Introduction

Since the discovery of the gene responsible for DMD (Koenig et al. 1987), and the subsequent identification of the genes responsible for other forms of muscular dystrophy, there has been intense effort in the development of methods for restoring gene function, commonly referred to as gene therapy (Foster et al. 2006; Cossu and Sampaolesi 2007; Muntoni and Wells 2007). The availability of a range of spontaneous and engineered animal models has allowed extensive pre-clinical testing (e.g., Wells and Wells 2005; Banks and Chamberlain 2008; Spurney et al. 2009;

Department of Cellular and Molecular Neuroscience, Division of Neuroscience and Mental Health, Hammersmith Hospital Campus, Imperial College London, Room E512, Building 560/ Burlington Danes, 160 Du Cane Road, London, W12 ONN, UK e-mail: [email protected]

DOI 10.1007/978-1-4419-1207-7_16, © Springer Science+Business Media, LLC 2010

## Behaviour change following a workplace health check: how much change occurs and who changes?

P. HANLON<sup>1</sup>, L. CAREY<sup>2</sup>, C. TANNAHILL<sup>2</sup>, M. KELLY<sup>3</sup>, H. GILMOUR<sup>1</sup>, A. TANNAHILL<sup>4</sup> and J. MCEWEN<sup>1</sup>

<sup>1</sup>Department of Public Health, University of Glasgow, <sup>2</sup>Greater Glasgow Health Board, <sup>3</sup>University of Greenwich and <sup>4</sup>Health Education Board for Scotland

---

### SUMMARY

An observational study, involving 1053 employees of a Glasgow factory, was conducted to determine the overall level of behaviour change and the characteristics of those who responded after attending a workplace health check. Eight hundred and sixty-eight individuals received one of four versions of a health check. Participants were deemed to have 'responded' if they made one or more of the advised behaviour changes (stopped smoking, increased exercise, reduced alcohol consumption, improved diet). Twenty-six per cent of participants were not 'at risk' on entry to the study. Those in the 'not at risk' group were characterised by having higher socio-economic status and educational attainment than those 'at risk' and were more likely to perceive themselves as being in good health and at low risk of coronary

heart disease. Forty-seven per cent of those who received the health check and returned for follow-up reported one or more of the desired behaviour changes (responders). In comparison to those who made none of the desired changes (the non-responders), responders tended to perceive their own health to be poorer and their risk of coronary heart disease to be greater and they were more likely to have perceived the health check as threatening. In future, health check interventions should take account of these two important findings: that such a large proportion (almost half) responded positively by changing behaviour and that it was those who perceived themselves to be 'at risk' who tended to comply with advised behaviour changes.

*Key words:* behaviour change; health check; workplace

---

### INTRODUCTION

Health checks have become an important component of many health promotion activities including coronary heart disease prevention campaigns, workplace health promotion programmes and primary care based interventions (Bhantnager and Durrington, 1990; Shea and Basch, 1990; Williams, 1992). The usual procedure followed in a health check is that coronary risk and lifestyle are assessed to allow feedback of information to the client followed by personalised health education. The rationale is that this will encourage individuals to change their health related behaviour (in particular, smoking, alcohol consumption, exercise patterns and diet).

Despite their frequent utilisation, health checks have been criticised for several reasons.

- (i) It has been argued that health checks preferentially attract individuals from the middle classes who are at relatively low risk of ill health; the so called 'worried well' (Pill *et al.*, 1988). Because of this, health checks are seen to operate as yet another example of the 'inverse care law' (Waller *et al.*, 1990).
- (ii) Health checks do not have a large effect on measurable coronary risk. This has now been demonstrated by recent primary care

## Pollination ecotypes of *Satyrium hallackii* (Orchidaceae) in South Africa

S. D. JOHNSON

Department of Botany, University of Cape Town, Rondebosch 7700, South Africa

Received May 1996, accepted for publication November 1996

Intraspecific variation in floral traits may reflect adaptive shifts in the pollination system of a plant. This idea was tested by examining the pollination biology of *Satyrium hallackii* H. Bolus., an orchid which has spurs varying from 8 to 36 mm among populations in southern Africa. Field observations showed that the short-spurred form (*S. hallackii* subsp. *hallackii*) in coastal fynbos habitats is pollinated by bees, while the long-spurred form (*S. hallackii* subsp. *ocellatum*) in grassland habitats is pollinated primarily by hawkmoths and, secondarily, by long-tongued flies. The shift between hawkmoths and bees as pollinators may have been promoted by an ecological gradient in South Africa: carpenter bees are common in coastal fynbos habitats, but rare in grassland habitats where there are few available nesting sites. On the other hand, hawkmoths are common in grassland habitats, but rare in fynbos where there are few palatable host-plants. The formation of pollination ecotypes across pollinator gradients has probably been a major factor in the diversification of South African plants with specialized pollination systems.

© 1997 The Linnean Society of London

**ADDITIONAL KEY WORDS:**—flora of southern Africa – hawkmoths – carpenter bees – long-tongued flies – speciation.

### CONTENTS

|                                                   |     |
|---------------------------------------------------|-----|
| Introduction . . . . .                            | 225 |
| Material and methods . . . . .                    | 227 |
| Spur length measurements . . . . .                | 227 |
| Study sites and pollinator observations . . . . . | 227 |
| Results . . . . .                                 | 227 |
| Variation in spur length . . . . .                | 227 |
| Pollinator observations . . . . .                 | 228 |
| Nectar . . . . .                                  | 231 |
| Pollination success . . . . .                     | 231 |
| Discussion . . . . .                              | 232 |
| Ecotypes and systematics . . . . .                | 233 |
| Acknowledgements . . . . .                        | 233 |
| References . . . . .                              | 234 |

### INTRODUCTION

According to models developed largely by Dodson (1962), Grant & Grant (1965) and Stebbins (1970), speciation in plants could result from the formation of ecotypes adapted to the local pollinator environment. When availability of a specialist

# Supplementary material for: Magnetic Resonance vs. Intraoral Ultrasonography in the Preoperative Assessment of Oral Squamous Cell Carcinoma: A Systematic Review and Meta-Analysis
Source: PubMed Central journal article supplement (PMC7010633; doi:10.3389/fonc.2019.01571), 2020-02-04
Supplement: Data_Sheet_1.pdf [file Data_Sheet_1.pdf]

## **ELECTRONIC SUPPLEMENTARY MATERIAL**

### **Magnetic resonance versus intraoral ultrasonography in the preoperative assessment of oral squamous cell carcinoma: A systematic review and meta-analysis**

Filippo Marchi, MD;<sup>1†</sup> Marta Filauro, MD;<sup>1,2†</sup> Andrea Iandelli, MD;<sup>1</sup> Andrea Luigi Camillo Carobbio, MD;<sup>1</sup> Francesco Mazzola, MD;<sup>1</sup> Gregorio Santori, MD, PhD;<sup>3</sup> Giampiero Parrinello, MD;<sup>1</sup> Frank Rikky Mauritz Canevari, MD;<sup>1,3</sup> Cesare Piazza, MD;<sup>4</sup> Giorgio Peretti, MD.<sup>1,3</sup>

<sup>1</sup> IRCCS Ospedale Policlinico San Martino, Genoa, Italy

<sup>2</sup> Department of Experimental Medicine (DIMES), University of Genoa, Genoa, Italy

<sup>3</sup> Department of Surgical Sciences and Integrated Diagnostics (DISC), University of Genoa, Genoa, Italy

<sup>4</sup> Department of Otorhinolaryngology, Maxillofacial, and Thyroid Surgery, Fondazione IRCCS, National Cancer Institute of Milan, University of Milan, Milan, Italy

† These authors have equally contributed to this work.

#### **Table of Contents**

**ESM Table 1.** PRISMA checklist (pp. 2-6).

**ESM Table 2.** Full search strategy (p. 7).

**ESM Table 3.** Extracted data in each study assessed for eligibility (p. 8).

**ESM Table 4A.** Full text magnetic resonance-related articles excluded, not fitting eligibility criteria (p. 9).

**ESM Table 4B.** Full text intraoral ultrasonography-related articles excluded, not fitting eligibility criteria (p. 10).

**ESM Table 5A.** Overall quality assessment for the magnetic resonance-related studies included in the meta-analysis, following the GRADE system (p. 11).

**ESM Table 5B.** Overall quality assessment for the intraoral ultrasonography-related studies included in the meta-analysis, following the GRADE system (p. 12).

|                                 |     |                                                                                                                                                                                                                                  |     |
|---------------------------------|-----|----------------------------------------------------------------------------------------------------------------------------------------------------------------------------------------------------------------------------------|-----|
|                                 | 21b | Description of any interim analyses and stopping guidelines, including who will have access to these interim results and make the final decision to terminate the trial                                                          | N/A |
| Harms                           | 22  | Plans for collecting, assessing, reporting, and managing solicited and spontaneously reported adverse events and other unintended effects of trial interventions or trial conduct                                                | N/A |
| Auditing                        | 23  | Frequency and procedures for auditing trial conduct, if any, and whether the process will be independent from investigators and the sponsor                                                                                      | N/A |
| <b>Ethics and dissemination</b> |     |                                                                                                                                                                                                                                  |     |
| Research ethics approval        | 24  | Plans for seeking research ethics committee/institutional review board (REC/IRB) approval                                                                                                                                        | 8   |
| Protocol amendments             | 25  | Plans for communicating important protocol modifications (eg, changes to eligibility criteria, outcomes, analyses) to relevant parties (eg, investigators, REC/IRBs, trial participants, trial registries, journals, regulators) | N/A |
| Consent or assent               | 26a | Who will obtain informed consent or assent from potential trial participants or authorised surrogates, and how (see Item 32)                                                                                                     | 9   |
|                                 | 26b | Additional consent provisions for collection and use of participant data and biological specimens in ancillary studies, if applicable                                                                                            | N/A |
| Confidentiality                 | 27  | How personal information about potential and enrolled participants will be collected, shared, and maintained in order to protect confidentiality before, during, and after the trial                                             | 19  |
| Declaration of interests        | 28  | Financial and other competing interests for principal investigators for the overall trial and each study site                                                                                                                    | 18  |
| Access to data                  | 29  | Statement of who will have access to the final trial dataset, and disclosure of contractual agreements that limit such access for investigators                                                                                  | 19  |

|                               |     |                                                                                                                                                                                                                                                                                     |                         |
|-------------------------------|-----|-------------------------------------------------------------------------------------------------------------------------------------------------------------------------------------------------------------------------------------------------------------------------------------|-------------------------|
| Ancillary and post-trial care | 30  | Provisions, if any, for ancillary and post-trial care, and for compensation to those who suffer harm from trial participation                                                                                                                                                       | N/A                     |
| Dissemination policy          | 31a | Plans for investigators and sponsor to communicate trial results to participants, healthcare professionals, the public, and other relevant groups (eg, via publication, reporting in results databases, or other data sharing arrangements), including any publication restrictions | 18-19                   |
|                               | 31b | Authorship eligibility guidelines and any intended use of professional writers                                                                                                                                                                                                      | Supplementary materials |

Willmann et al. 2009) and the subsequent translation of many of these novel therapies into early clinical trials. A key step has been the pre-clinical demonstration of the potential for systemic administration and delivery of therapeutic agents to all of the affected muscles. Regional or systemic treatment will be essential as local treatment by intramuscular injection, while useful for first in man studies, results in very limited diffusion from the site of injection and therefore, clinical benefit is highly unlikely. Examples of pre-clinical data for approaches now in clinical trial include the use of replication-deficient viral vectors to transfer recombinant versions of the affected gene, the transfer of recombinant genes in simple bacterial plasmids, the transfer of normal or recombinant genes via cell transfer, and the use of antisense oligonucleotides to modify the splicing of the primary transcript to generate mRNA and by excluding specific exon(s) to restore the reading frame in frame shift mutations.

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